The young murderer in Connecticut took his own life after murdering almost 30 people, most of them children. He will never face a human court, never have to face a human accuser, never stand convicted of his crimes and never know the justice of a human sentence.
But even as human society was robbed of the satisfaction of that justice, it would never be enough. Even if executed for his crimes, he could die only once. Even if sentenced to multiple life sentences to prison, he could forfeit only one human lifespan.
Human justice is necessary, but it is woefully incomplete. No human court can hand down an adequate sentence for such a crime, and no human judge can restore life to those who were murdered.
Crimes such as these remind us that we yearn for the total satisfaction that will come only on the Day of the Lord, when all flesh will be judged by the only Judge who will rule with perfect righteousness and justice. On that day, the only escape will be refuge in Christ, for those who knew and confessed Him as Savior and Lord. On that day, those who are in Christ will know the promise that full justice and restoration will mean that every eye is dry and tears are nevermore.
We grieve with those who grieve
For now, even as we yearn for the Day of the Lord, we grieve with those who grieve. We sit with them and pray for them and acknowledge that their loss is truly unspeakable and that their tears are unspeakably true. We pray and look for openings for grace and the hope of the Gospel. We do our best to speak words of truth, love, grace and comfort.
What of the eternal destiny of these sweet children? There is no specific text of Scripture that gives us a clear and direct answer. We must affirm with the Bible that we are conceived in sin and, as sons and daughters of Adam, will face eternal damnation unless we are found in Christ. So many of these little victims died before reaching any real knowledge of their own sinfulness and need for Christ. They, like those who die in infancy and those who suffer severe mental incapacitation, never really have the opportunity to know their need as sinners and the provision of Christ as Savior.
They are in a categorically different position than that of the person of adult consciousness who never responds in faith to the message of the Gospel. In the book of Deuteronomy, God tells the adults among the children of Israel that, due to their sin and rebellion, they would not enter the land of promise. But the Lord then said this: "And as for your little ones, who you said would become a prey, and your children, who today have no knowledge of good or evil, they shall go in there. And to them I will give it, and they shall possess it," Deuteronomy 1:39.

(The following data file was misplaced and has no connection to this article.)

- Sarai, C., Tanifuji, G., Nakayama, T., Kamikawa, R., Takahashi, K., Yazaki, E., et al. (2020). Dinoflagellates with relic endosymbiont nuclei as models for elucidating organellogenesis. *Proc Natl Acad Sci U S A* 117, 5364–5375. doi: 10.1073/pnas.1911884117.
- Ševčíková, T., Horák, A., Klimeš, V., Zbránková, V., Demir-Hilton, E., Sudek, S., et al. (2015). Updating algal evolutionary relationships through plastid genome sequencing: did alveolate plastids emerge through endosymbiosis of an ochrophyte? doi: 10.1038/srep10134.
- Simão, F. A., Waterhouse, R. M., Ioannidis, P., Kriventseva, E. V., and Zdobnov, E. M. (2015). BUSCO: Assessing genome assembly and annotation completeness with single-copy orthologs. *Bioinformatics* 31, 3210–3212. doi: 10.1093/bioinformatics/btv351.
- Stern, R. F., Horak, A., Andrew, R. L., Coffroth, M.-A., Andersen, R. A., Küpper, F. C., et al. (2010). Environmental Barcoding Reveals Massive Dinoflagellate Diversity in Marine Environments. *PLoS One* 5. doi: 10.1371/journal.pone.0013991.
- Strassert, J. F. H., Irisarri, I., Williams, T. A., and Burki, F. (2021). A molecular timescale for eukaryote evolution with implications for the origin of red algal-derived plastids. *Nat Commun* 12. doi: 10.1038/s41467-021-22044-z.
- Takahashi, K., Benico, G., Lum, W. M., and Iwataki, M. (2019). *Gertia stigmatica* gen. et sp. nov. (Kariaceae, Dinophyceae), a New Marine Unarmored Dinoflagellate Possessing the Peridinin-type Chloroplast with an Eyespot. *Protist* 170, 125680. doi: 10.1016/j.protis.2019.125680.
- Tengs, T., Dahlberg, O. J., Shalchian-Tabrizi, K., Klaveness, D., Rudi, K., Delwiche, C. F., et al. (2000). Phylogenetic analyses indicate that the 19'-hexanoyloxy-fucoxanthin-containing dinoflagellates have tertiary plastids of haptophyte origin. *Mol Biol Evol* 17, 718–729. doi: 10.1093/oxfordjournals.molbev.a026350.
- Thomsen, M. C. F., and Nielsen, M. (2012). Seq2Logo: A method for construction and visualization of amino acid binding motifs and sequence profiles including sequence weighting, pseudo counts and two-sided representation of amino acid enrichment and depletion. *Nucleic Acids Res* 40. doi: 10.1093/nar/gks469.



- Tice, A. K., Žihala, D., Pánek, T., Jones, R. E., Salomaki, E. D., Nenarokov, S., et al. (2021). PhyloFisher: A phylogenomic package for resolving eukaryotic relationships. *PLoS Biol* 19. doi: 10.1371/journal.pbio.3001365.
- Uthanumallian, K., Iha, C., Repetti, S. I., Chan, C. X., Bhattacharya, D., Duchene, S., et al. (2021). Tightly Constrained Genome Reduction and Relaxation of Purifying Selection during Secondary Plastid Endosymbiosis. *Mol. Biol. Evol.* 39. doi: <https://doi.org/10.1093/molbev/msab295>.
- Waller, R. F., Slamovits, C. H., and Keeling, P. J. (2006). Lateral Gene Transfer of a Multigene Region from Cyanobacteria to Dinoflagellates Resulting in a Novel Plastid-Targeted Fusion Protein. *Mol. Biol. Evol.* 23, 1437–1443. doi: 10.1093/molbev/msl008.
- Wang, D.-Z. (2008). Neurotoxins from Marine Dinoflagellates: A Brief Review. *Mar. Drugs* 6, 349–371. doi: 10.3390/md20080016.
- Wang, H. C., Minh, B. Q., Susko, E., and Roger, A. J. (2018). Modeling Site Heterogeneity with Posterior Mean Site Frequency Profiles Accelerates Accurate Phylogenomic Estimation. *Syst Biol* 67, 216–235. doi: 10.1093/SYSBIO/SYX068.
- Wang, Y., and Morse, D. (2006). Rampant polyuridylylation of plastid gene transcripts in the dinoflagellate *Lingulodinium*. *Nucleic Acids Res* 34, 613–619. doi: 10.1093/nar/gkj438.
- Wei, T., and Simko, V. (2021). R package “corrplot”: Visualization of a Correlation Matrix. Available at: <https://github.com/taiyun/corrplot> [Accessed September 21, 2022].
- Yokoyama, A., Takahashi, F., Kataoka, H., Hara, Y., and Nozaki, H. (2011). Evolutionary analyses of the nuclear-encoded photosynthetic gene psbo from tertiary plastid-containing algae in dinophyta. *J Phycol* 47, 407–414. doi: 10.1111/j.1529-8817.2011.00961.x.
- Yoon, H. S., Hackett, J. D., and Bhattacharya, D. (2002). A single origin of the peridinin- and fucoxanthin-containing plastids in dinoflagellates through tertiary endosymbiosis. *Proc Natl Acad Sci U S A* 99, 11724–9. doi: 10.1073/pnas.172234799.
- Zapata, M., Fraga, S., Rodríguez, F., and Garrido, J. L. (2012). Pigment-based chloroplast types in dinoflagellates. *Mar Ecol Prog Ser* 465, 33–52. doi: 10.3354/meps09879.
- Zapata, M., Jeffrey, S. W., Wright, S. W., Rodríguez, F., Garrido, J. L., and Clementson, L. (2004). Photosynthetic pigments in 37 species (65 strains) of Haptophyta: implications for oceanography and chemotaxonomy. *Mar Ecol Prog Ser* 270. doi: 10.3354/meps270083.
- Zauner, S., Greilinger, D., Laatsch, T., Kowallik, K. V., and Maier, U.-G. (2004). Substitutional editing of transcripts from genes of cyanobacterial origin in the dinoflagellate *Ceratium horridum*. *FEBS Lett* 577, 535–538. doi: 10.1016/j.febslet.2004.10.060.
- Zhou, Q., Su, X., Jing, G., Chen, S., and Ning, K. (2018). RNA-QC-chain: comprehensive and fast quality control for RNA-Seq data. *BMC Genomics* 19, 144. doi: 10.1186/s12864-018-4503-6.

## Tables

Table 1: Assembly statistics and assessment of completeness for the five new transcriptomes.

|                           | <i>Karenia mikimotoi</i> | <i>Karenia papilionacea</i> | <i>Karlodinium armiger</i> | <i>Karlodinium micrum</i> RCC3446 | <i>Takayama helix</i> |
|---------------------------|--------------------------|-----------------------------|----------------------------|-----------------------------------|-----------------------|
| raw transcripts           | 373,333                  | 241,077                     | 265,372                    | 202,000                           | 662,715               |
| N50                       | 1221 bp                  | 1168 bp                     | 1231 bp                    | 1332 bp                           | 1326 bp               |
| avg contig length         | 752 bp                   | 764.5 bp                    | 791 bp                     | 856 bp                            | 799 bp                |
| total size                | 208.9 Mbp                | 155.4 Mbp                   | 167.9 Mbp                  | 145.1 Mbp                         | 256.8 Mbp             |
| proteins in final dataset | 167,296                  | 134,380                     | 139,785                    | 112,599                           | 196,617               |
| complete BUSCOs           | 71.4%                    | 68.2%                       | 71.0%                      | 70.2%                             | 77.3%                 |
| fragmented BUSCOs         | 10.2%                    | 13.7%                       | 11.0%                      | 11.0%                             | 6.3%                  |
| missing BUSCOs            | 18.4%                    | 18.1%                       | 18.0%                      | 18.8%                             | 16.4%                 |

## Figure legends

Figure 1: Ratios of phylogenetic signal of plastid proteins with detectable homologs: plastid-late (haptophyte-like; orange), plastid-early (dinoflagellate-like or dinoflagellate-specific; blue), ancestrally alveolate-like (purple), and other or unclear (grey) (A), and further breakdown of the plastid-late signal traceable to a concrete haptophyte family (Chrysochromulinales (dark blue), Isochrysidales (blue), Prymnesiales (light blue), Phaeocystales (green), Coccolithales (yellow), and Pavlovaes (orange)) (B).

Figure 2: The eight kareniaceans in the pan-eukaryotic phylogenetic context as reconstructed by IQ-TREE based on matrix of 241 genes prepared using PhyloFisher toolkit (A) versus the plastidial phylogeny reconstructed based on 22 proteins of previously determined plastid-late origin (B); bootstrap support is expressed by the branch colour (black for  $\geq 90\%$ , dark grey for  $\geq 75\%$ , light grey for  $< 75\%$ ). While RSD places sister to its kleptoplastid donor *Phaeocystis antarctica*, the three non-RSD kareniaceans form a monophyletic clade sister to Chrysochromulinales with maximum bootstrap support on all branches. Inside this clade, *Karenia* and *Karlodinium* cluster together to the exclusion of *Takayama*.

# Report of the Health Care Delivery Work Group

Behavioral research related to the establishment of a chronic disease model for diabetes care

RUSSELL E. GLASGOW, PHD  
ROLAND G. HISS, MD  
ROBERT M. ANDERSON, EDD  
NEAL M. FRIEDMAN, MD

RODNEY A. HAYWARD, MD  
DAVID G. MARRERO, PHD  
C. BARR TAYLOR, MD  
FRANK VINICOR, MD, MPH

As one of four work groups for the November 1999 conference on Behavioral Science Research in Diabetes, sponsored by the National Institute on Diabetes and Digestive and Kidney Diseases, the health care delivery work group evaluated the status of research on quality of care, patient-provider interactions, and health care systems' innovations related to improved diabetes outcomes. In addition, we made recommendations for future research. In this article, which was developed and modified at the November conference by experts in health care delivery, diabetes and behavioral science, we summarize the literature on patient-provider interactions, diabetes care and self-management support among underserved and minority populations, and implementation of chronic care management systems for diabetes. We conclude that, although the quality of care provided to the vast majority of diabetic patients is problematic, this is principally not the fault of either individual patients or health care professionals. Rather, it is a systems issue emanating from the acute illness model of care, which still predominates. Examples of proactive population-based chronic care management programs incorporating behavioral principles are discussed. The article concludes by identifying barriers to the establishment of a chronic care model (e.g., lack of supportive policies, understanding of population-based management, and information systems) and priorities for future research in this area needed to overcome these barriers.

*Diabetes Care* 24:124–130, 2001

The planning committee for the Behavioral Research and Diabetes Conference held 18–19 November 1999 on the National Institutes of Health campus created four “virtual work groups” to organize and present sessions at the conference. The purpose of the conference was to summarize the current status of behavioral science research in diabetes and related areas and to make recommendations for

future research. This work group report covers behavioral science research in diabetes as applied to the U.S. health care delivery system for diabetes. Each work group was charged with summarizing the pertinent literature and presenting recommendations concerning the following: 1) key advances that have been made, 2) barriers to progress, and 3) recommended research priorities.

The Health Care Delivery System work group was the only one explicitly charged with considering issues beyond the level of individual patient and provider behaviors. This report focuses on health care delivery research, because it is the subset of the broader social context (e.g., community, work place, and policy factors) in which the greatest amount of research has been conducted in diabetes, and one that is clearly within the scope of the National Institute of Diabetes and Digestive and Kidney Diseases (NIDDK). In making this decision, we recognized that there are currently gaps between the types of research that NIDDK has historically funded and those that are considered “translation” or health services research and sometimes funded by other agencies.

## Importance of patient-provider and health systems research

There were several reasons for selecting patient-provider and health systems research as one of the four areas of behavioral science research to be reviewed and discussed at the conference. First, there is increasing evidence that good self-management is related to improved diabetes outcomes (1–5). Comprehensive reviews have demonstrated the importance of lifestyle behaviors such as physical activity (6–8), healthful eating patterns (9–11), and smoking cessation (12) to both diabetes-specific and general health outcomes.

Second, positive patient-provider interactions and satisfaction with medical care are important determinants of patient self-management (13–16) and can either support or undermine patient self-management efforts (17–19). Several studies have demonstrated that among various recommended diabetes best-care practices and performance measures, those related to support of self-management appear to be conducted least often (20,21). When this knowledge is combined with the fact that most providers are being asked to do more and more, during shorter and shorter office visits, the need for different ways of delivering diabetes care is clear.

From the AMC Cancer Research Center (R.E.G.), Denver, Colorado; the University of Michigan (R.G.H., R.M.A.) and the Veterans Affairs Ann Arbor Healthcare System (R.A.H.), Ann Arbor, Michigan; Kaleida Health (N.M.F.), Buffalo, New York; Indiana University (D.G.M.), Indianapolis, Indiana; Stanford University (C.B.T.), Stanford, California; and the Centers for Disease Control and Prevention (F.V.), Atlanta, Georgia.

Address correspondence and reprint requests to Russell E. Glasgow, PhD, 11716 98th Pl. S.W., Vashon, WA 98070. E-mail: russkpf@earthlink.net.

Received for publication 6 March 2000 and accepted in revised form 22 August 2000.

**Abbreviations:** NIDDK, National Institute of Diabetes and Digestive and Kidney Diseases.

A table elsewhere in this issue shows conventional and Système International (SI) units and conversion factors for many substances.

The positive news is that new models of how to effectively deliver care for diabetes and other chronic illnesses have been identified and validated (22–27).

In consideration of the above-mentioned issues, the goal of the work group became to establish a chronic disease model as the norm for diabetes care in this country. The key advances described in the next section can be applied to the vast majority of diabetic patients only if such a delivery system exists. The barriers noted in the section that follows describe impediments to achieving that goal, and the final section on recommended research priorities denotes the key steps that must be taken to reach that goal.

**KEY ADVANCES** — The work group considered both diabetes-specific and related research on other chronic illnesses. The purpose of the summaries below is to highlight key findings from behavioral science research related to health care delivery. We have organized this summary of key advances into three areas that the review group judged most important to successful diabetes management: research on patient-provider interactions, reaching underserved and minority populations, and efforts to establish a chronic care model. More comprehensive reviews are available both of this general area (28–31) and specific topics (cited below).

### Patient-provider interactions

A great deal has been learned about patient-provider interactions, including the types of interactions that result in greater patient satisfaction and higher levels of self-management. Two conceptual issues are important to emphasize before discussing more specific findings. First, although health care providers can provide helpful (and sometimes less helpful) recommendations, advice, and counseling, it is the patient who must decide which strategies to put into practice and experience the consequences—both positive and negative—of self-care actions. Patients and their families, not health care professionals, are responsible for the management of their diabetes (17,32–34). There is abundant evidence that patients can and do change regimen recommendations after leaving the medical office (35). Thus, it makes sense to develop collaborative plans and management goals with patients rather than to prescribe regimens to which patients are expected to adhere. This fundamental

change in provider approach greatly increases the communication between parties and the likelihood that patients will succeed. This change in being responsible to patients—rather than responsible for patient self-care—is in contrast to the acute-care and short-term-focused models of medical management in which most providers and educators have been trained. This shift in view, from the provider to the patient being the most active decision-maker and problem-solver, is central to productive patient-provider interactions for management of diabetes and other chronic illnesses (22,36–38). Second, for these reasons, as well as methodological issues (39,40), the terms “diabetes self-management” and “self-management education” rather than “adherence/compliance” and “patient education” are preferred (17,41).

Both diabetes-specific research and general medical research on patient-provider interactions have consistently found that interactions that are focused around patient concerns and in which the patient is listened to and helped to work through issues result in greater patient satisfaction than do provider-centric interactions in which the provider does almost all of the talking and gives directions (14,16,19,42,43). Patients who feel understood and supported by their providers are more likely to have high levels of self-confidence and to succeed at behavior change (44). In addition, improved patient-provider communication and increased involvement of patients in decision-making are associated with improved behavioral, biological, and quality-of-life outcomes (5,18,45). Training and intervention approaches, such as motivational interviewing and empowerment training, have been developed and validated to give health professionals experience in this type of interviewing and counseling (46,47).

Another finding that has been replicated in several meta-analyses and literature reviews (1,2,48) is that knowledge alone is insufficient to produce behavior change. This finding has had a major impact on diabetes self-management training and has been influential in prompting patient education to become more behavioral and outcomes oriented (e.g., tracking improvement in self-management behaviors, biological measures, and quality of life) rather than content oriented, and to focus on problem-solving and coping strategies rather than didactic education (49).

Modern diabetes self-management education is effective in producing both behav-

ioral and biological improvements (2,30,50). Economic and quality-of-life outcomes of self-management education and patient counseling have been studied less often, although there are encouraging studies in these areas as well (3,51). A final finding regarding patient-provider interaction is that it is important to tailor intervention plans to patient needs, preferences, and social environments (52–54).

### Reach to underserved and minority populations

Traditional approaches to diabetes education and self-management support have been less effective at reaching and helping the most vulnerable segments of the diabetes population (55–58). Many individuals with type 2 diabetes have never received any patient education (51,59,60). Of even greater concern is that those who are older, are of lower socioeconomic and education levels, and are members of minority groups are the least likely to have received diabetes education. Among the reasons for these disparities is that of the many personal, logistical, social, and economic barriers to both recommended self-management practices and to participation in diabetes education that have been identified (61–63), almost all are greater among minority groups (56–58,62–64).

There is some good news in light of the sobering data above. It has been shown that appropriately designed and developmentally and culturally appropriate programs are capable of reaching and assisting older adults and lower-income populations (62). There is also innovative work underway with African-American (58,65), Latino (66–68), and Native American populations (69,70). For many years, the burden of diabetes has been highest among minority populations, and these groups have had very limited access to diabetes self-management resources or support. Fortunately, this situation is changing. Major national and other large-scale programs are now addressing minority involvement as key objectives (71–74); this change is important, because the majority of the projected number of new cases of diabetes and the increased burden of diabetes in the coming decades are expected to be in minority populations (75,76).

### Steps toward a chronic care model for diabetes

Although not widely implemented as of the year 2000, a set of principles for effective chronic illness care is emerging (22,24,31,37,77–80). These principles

Many, if not all, of the little children who died in Newtown were so young that they certainly would be included among those who, like the little Israelites, "have no knowledge of good or evil." God is sovereign, and He was not surprised that these little ones died so soon. There is biblical precedent for believing that the Lord made provision for them in the atonement accomplished by Christ and that they are safe with Jesus.
Rachel weeping for her children
The prophet Jeremiah's reference to Rachel and her lost children is heartbreaking. "Thus says the LORD: 'A voice is heard in Ramah, lamentation and bitter weeping. Rachel is weeping for her children; she refuses to be comforted for her children, because they are no more'" (Jeremiah 31:15). Like Rachel, many parents, grandparents and loved ones are weeping inconsolably even now, refusing to be comforted for their children, because they are no more.
This tragedy is compounded in emotional force by the fact that it comes in such close proximity to Christmas, but let us never forget that there was the mass murder of children in the Christmas story as well. King Herod's murderous decree that all baby boys under 2 years of age should be killed prompted Matthew to cite this very verse from Jeremiah. Rachel again was weeping for her children.
But this is not where either Jeremiah or Matthew leaves us. By God's mercy, there is hope and the promise of full restoration in Christ.
The Lord continued to speak through Jeremiah:
Thus says the LORD: "Keep your voice from weeping, and your eyes from tears, for there is a reward for your work, declares the LORD, and they shall come back from the land of the enemy. There is hope for your future, declares the LORD, and your children shall come back to their own country," Jeremiah 31:16-17.
God, not the murderer, has the last word. For those in Christ, there is the promise of full restoration. Even in the face of such unmitigated horror, there is hope.
R. Albert Mohler is president of Southern Baptist Theological Seminary in Louisville, Ky. A version of this column first appeared at his website, AlbertMohler.com. Get Baptist Press headlines and breaking news on Twitter (@BaptistPress), Facebook (Facebook.com/BaptistPress ) and in your email ( baptistpress.com/SubscribeBP.asp).